(f) There is created a new position in the office of the governor that shall coordinate with the commission to market and advocate airline service in Wyoming pursuant to subsection (e) of this section. The person appointed by the governor may be an at-will employee or an at-will contract employee and may be removed by the governor as provided in W.S. 9-1-202.

(g) The commission may promulgate reasonable rules, regulations and procedures and establish standards as necessary to carry out the functions of the division.

(h) Repealed by Laws 2008, ch. 44, §  2.

(j) The commission shall promulgate reasonable rules governing where unmanned aircraft or vertical takeoff and landing aircraft may take off and land, giving consideration to public health and safety, aesthetics and the general welfare. Unless otherwise prohibited by or previously provided for in federal law, the commission may also promulgate reasonable rules governing the operation of unmanned aircraft or vertical takeoff and landing aircraft. In promulgating any rules under this subsection, the commission shall coordinate with the appropriate industry in Wyoming and political subdivisions of the state. The commission shall not have the power to regulate unmanned aircraft or vertical takeoff and landing aircraft operation in navigable airspace.

Wyo. Stat. § 10-3-301

Wyo. Stat. § 10-3-301

Conducting investigations and hearings; accidents to be reported.

The commission may conduct investigations, inquiries and hearings concerning the laws of this state relating to aeronautics and accidents or injuries incident to the operation of aircraft, including unmanned aircraft or vertical takeoff and landing aircraft, occurring within this state. Members of the commission may administer oaths and affirmations, certify to all official acts, issue subpoenas and compel the attendance and testimony of witnesses and the production of papers, books and documents. All accidents or injuries incident to the operation of aircraft occurring within this state shall be immediately reported to the commission.

Wyo. Stat. § 10-4-303

Wyo. Stat. § 10-4-303

Low or dangerous flight; landing on land or water of another.

(a) Flight of aircraft, including unmanned aircraft or vertical takeoff and landing aircraft, over the lands and waters of this state is lawful unless it is:

(i) At such a low altitude as to interfere with the existing use to which the land or water, or the space over the land or water, is put by the owner;

(ii) Conducted as to be imminently dangerous to persons or property lawfully on the land or water; or

(iii) In violation of the air commerce regulations promulgated by the department of transportation of the United States.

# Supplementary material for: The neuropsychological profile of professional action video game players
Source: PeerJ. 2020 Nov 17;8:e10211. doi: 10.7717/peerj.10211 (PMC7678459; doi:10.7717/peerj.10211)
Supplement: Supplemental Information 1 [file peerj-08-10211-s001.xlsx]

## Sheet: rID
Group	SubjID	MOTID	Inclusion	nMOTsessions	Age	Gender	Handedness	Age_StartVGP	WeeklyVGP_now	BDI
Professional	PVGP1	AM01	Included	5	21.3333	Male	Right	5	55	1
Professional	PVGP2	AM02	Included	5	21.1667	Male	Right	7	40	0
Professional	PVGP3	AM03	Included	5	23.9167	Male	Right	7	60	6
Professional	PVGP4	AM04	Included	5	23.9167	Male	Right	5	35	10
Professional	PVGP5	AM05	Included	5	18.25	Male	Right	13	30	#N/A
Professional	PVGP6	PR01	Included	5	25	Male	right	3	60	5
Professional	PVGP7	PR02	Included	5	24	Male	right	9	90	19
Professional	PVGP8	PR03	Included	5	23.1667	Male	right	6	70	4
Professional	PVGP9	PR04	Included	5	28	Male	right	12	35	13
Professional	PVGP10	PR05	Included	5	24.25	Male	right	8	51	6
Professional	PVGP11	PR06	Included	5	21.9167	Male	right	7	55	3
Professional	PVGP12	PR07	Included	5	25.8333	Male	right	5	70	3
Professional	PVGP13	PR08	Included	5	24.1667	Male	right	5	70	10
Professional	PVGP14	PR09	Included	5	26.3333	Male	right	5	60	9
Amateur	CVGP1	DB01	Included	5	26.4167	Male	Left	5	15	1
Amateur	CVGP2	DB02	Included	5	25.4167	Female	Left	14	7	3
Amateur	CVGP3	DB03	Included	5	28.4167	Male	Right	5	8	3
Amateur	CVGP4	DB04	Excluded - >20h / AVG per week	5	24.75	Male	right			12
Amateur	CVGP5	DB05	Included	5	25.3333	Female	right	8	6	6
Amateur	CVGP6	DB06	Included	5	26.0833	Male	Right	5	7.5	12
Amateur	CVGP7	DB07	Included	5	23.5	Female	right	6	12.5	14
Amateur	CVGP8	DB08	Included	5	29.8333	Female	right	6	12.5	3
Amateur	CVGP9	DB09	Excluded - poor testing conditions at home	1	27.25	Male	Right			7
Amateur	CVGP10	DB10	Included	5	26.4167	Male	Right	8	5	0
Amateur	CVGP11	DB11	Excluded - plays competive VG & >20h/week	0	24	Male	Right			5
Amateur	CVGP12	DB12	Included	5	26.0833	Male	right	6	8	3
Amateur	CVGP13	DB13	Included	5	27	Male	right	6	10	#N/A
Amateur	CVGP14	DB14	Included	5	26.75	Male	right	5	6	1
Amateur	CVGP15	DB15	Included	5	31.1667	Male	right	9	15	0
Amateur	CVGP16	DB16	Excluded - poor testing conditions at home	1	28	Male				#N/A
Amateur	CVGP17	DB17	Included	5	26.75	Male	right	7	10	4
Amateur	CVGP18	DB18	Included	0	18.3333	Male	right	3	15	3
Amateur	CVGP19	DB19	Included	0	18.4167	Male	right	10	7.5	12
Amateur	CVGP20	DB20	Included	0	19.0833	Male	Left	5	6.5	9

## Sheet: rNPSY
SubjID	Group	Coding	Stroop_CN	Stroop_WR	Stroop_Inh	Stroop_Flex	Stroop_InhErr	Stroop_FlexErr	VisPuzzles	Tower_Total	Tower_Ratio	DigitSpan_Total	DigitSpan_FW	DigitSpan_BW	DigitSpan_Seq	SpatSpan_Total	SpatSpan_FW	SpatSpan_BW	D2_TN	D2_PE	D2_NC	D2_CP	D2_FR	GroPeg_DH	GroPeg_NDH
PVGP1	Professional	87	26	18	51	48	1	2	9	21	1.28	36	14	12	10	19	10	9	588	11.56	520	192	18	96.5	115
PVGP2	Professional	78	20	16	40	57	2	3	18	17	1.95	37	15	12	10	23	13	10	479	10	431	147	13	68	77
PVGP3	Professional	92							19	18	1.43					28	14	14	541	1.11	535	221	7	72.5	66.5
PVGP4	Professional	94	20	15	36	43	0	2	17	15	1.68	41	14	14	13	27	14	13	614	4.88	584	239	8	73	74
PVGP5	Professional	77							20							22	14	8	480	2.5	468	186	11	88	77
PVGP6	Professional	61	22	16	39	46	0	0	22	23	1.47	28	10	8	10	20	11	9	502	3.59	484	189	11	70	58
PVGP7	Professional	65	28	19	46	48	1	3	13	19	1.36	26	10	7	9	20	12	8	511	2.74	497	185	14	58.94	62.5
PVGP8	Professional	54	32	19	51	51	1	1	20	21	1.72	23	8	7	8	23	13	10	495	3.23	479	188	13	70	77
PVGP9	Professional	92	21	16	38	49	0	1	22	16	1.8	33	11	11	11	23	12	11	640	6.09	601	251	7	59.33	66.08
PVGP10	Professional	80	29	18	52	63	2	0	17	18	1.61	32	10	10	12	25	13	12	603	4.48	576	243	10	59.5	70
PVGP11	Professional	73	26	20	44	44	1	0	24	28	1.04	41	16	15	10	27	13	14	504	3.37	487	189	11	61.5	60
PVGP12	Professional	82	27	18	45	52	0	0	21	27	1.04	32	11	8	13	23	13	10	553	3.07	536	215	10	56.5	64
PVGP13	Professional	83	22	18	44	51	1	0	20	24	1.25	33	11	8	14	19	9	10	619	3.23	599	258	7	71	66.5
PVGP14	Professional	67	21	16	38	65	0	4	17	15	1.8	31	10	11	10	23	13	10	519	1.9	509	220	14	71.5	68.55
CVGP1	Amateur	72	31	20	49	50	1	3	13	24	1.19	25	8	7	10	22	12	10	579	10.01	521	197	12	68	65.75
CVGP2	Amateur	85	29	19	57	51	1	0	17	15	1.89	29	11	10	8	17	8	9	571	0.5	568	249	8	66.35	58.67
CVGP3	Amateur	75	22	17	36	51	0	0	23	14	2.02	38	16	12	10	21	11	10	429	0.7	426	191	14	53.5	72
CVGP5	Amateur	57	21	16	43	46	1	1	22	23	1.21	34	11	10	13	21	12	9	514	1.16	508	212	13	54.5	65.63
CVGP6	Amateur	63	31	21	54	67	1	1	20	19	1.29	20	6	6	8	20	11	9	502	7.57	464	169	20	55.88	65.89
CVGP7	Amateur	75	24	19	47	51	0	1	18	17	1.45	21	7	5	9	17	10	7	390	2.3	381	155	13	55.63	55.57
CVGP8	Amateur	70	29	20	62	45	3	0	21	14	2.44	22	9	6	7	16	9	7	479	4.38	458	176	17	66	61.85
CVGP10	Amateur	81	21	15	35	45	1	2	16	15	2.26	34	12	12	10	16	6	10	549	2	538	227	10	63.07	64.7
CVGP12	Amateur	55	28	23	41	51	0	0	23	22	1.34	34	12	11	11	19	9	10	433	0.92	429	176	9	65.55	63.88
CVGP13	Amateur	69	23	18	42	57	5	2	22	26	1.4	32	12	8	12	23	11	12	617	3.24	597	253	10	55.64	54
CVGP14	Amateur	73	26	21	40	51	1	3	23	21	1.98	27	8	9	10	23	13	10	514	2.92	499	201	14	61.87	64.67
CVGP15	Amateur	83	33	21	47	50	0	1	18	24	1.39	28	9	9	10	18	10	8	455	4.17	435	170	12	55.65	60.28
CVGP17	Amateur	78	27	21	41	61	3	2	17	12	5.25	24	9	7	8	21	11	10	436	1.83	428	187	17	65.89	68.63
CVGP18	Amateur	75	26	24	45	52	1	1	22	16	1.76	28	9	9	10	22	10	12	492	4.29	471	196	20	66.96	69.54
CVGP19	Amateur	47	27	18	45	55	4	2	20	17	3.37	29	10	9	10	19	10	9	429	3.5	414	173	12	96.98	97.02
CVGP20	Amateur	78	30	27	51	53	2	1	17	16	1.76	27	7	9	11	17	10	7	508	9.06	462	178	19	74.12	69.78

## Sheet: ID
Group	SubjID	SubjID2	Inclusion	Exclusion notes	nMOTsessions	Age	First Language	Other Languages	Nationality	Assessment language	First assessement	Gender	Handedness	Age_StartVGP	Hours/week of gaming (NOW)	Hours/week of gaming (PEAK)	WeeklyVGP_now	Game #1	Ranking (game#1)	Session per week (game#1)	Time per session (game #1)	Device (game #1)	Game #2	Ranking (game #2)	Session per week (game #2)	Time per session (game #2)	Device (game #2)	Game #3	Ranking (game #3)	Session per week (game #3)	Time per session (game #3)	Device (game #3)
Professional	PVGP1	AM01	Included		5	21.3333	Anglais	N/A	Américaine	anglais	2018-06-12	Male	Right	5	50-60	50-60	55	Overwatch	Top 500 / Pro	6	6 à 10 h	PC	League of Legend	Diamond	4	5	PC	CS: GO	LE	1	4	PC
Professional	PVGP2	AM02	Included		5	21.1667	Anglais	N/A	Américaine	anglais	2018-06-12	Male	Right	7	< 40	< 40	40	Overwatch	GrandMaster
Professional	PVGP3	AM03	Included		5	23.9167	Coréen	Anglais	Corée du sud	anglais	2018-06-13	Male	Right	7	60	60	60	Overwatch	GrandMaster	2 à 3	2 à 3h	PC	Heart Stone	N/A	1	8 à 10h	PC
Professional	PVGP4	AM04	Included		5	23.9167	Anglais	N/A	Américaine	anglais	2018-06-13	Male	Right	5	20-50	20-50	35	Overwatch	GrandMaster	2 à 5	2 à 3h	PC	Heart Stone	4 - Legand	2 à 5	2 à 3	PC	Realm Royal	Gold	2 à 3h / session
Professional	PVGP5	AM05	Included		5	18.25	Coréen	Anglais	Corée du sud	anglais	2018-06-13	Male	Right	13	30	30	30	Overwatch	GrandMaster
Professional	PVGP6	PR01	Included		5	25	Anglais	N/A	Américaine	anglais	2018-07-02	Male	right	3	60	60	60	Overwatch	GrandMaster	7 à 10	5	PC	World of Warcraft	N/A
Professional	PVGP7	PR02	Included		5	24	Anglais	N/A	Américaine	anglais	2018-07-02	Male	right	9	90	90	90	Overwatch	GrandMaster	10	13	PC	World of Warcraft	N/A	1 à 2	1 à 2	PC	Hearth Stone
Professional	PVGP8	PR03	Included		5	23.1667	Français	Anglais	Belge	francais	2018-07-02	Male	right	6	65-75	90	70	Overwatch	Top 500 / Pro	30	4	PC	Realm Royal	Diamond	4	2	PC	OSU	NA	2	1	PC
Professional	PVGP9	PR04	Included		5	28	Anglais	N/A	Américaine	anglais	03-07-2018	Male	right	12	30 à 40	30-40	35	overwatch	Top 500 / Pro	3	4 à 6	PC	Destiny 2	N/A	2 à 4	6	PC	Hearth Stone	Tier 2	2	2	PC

(b) The landing of an aircraft, including an unmanned aircraft or vertical takeoff and landing aircraft, on the lands or waters of another, without his consent, is unlawful, except in the case of a forced landing. For damages caused by a forced landing, however, the owner, operator or lessee of the aircraft or the airman shall be liable for actual damage caused by the forced landing.

(c) Except as provided in subsection (a) of this section, nothing in this chapter shall be construed to prevent an operator or pilot from operating an aircraft, including an unmanned aircraft or vertical takeoff and landing aircraft, over his own property.

University Drone Policies

University of Wyoming UAS Policy


Note: This list is just a sample… many more could be added.

Advanced Air Mobility (AAM)



Short Essay Questions

Question 1

You have been hired by a Drone Startup Company. Your boss has immediately assigned this job to you.

They need you to prepare a one-page memo detailing the legalities of filming a promotional video for the Tourism Office at Canary Spring at Mammoth Hot Springs, pictured above.

They need you to mention any state laws and local ordinances.

They specifically want to know what airspace you will be operating in, and whether or not you need an airspace authorization, with or without LAANC capability.

Lastly, there is a bonus for you if, as you scroll through this chapter, you find any typos or broken links!

Question 2

Do the state drone laws implicate the First Amendment? If so, describe, citing the exact law.

Question 3

Do the state drone laws implicate the Fourth Amendment? Or involve law enforcement officers obtaining warrants? If so, describe, citing the exact law.

Question 4

Do the state drone laws contain a preemption clause? If so, describe, citing the exact law.

Question 5

Does the state have UAM/AAM laws? If so, describe, citing the exact law.

Question 6

Are you aware of any new laws or policies not mentioned above? If so, describe, citing the exact law or policy.





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Drones Across the World Copyright © 2023 by Sarah Nilsson is licensed under a Creative Commons Attribution-NonCommercial-NoDerivatives 4.0 International License, except where otherwise noted.